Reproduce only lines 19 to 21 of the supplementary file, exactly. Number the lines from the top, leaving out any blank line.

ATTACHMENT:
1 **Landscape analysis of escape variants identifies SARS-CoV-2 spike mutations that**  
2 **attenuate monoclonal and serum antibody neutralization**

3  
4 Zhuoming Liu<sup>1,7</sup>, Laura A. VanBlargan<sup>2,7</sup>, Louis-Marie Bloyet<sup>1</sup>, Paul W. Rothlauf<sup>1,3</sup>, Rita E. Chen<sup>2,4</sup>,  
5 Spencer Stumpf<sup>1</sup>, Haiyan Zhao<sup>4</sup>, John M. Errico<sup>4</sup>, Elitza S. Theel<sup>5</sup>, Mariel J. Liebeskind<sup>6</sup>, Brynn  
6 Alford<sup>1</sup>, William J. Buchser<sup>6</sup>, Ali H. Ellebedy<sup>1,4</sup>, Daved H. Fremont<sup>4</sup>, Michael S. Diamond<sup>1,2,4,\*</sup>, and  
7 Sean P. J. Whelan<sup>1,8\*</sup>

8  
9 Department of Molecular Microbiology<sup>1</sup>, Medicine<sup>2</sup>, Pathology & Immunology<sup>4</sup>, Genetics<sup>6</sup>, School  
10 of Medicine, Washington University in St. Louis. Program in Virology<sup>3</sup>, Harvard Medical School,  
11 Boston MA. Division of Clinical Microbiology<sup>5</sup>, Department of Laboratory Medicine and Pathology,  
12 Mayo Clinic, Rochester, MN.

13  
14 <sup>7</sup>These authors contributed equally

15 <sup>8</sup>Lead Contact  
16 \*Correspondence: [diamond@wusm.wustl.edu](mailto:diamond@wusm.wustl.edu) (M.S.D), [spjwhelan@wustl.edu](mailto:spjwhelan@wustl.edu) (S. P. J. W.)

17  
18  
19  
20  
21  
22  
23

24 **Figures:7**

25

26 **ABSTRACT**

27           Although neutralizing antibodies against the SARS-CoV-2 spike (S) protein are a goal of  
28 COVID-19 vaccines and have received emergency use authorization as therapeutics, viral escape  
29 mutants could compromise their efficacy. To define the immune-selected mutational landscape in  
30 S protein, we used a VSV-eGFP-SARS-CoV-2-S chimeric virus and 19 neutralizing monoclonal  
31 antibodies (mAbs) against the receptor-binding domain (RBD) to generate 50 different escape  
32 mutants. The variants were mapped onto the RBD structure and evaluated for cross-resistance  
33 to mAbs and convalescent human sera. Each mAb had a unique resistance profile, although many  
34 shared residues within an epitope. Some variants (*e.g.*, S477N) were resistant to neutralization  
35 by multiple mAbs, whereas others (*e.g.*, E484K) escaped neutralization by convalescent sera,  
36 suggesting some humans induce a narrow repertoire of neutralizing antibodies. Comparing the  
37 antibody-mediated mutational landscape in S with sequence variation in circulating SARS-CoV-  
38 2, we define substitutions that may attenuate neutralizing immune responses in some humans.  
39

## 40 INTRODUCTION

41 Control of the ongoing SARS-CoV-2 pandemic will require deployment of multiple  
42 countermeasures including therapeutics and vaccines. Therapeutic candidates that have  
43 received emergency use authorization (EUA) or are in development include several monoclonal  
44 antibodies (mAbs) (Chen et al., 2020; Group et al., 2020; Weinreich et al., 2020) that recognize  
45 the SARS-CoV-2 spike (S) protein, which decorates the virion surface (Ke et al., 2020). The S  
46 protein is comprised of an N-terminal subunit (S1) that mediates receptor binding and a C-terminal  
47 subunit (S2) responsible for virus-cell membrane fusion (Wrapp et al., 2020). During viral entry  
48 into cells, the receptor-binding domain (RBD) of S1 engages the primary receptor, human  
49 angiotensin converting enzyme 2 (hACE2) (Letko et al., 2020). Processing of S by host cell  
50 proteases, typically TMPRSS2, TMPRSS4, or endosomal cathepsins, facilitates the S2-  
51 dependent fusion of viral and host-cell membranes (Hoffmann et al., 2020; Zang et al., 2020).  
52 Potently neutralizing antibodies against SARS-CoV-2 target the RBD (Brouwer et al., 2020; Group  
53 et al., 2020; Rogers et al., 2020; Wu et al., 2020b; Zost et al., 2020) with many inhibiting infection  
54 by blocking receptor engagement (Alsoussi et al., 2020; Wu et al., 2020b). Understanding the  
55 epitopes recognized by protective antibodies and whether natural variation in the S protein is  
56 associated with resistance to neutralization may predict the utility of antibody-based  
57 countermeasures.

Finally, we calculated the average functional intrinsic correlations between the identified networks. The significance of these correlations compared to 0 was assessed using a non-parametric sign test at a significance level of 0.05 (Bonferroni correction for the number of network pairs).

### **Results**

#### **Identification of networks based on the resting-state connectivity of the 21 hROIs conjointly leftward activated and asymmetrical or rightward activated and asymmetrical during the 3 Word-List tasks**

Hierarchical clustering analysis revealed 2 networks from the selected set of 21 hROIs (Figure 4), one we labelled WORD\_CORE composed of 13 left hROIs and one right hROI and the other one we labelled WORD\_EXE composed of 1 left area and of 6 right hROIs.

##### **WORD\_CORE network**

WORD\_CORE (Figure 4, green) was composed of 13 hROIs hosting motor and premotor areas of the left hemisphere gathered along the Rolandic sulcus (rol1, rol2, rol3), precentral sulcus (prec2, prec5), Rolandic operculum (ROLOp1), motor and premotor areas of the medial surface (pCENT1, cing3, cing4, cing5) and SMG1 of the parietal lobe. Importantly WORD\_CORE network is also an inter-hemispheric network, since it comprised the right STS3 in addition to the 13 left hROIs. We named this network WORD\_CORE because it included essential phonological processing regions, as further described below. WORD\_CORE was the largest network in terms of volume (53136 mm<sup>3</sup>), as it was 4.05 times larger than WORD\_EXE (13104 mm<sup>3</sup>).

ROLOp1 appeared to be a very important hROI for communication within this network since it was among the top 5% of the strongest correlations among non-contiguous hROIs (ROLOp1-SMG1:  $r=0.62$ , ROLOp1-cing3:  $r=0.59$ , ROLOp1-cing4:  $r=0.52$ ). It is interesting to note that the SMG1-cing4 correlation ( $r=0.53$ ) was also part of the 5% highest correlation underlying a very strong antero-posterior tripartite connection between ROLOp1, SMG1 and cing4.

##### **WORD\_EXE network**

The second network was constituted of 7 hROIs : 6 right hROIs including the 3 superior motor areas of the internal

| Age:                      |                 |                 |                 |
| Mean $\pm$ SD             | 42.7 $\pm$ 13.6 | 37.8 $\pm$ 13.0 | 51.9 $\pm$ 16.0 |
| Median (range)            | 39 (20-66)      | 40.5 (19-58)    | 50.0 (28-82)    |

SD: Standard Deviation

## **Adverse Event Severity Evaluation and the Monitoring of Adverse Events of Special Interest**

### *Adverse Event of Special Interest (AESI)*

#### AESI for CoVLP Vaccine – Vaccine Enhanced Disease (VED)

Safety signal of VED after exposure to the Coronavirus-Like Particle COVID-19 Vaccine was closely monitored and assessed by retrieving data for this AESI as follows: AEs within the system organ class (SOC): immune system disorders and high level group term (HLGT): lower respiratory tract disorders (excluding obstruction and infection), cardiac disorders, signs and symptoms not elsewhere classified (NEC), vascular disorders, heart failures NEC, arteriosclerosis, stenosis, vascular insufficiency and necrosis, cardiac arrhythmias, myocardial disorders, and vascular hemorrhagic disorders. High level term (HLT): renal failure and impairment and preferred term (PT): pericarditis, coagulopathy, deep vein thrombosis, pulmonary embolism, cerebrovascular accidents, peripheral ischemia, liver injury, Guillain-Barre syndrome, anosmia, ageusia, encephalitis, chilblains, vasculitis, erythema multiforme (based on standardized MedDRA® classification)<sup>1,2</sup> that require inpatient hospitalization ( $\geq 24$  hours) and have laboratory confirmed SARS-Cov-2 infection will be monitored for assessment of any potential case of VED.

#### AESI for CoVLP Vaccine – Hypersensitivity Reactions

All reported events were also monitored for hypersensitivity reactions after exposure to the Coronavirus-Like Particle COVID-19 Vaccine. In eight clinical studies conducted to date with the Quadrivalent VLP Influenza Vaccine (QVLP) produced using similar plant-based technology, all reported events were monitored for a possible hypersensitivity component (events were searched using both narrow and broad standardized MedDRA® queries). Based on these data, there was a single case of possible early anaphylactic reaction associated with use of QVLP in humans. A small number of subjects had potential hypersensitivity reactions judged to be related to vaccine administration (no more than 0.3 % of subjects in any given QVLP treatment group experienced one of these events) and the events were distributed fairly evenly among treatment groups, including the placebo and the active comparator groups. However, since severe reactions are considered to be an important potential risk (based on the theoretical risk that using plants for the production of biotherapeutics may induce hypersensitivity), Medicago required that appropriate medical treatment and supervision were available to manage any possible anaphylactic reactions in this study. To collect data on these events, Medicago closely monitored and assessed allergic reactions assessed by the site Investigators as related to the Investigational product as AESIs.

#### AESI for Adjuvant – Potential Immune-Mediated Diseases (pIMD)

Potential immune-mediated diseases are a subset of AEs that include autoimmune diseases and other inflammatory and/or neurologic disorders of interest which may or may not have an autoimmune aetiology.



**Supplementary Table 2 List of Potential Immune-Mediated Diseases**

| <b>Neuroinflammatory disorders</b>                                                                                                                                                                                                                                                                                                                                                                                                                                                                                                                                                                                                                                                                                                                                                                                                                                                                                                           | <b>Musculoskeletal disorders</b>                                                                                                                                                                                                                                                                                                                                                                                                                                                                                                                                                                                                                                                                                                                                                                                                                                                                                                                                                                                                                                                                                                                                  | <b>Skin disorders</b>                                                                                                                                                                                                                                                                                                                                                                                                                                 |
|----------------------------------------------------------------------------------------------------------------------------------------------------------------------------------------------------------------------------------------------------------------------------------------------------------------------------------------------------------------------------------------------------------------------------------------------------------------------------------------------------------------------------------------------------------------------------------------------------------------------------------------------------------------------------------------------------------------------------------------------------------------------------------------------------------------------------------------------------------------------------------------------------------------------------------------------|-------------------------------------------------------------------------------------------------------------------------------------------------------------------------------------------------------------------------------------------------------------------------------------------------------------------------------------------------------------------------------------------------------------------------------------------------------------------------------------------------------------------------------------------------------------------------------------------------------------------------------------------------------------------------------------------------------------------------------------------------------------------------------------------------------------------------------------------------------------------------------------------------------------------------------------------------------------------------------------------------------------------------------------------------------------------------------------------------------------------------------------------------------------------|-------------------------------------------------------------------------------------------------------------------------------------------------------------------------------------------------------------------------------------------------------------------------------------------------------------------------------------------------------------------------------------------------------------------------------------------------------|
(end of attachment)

19  
20  
21  